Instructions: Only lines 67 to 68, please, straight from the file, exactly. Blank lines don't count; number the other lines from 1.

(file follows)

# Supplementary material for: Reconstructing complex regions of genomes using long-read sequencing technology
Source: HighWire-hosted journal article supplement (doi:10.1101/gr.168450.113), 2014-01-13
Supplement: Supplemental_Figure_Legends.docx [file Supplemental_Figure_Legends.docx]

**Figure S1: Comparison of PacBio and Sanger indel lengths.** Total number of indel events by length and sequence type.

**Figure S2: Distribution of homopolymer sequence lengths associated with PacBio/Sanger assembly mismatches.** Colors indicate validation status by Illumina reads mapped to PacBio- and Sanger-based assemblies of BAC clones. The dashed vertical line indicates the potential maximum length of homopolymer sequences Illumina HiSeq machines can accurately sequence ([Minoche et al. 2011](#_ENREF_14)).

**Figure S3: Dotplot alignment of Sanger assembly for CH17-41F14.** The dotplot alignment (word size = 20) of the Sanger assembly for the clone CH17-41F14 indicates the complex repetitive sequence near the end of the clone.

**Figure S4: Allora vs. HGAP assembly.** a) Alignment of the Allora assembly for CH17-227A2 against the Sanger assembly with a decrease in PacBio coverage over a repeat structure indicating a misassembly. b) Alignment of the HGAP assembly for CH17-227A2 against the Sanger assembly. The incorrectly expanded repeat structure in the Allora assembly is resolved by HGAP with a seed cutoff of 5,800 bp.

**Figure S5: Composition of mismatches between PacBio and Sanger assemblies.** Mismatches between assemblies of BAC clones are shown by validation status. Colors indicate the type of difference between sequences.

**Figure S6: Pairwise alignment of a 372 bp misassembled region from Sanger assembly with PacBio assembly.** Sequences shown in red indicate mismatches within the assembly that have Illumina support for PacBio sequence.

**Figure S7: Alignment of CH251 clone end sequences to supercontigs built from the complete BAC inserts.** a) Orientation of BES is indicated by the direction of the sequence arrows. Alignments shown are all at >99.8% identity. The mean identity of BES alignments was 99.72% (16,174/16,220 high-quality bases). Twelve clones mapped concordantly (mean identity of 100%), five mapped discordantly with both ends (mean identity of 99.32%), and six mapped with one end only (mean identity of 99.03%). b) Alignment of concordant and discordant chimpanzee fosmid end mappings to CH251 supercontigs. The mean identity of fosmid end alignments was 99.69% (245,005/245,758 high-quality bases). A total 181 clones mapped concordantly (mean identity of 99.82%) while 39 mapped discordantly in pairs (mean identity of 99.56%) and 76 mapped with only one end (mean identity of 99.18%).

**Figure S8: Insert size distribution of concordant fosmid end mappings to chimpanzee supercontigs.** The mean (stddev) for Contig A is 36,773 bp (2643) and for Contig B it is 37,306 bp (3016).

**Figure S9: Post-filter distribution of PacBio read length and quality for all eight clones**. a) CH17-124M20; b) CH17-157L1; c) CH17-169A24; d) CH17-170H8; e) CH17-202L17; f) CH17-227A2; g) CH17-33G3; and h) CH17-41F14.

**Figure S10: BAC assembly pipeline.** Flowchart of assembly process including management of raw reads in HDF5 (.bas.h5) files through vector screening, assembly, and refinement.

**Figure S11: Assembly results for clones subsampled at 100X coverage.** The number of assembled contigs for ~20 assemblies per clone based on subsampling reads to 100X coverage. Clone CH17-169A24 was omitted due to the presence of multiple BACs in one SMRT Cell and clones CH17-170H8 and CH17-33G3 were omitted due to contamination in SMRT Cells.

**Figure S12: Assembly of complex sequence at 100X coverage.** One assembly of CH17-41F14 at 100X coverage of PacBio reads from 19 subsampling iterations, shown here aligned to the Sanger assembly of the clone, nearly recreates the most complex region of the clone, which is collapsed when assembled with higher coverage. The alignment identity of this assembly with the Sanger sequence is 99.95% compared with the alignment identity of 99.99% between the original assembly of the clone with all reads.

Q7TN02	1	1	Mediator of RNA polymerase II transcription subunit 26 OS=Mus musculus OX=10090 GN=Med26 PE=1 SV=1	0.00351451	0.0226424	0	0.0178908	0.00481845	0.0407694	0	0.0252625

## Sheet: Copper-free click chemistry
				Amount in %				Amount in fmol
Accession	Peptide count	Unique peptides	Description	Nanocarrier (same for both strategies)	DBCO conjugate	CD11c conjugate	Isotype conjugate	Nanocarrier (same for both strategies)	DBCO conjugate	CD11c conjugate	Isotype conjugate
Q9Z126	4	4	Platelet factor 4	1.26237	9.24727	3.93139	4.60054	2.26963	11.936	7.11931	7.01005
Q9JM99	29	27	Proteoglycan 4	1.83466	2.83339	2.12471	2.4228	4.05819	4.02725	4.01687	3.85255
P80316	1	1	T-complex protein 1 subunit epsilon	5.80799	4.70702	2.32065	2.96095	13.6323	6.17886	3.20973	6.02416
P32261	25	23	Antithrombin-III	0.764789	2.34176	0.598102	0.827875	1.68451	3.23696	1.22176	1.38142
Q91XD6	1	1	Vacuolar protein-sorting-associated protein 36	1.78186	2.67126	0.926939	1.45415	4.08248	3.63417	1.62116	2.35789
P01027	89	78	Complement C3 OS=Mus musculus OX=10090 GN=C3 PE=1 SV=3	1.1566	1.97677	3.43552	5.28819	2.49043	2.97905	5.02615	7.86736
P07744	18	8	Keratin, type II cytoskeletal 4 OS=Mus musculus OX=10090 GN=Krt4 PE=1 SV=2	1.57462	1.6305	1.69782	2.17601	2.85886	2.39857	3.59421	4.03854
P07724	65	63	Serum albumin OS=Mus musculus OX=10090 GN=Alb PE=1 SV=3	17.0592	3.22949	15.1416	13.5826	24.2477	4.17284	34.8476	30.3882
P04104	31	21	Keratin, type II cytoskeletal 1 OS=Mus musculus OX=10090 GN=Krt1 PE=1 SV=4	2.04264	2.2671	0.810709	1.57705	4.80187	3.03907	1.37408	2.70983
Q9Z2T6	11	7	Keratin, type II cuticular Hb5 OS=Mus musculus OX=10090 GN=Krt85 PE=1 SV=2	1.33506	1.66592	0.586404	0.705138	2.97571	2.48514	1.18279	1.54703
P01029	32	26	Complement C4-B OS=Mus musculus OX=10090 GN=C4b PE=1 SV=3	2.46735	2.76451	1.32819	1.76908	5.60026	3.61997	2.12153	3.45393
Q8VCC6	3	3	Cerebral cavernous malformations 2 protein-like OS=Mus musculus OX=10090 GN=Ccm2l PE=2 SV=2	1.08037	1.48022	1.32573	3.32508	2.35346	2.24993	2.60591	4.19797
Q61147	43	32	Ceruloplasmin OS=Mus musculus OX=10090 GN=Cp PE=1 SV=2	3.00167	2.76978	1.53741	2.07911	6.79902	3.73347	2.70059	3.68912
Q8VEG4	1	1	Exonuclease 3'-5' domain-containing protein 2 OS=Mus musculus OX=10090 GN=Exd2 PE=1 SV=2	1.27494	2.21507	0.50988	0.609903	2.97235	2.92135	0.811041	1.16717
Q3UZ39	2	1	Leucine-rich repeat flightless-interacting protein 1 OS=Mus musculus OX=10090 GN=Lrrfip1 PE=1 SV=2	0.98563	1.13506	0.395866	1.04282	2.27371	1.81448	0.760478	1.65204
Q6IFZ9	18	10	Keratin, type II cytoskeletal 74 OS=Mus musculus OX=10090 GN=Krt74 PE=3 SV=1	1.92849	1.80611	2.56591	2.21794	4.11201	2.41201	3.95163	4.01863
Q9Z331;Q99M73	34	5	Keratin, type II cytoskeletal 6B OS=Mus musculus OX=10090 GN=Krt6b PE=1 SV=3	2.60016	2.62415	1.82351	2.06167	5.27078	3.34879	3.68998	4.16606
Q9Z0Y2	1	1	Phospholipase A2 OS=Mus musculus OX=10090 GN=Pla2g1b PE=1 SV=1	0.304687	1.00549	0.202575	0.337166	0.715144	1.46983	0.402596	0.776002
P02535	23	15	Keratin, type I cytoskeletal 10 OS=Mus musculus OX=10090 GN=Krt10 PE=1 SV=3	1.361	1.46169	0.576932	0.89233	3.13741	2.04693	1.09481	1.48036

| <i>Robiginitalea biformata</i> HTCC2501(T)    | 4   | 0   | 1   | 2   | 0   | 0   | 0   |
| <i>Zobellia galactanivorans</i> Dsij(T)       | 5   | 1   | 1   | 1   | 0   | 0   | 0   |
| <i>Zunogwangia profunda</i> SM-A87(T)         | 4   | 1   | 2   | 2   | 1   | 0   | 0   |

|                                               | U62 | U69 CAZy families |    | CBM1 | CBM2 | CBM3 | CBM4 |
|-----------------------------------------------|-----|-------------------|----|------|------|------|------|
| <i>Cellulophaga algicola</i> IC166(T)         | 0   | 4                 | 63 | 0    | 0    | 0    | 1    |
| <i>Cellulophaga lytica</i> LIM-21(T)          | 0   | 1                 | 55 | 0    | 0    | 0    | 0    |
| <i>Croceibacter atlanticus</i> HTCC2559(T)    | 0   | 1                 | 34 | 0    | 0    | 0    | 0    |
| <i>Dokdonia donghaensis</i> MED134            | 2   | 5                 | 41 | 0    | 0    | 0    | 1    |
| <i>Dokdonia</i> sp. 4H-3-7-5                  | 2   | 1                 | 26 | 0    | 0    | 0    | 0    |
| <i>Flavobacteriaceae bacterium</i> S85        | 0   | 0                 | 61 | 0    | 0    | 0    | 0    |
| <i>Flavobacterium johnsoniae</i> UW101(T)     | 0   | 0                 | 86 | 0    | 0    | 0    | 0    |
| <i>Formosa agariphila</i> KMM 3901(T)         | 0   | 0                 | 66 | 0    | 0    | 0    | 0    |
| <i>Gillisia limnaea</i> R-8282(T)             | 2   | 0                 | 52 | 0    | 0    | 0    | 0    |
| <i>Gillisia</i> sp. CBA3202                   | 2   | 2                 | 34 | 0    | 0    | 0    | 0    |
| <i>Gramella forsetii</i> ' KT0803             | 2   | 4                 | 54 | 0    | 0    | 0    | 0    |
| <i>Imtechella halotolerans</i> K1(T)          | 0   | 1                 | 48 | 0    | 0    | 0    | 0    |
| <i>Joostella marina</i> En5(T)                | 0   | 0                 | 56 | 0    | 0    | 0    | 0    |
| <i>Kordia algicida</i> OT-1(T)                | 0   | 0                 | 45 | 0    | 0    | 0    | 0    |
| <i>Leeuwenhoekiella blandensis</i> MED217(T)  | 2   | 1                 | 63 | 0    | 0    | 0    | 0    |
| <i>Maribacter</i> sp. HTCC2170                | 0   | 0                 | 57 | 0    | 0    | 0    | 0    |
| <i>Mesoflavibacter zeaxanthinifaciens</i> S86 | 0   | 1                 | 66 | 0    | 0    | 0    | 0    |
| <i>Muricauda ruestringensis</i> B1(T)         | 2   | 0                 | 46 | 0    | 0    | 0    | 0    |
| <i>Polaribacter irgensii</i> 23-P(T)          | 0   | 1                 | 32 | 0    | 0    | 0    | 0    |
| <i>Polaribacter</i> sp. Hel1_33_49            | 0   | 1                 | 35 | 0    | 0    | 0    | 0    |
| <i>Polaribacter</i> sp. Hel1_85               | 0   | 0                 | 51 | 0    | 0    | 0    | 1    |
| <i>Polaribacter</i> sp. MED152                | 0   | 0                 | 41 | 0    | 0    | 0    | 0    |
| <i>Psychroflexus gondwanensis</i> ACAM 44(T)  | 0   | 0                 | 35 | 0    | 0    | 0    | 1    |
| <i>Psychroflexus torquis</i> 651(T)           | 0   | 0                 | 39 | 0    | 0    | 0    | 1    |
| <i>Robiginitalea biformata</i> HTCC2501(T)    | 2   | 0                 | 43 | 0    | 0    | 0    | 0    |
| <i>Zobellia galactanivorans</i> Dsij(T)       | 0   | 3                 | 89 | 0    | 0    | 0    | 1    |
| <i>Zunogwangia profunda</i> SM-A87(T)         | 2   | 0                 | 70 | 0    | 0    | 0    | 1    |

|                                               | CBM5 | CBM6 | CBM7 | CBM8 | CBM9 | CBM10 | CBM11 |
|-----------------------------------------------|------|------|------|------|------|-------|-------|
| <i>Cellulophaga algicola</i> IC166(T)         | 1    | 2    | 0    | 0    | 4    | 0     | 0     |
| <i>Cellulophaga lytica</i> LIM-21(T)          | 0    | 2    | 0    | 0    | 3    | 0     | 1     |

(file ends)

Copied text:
| <i>Psychroflexus torquis</i> 651(T)           | 0   | 0                 | 39 | 0    | 0    | 0    | 1    |
| <i>Robiginitalea biformata</i> HTCC2501(T)    | 2   | 0                 | 43 | 0    | 0    | 0    | 0    |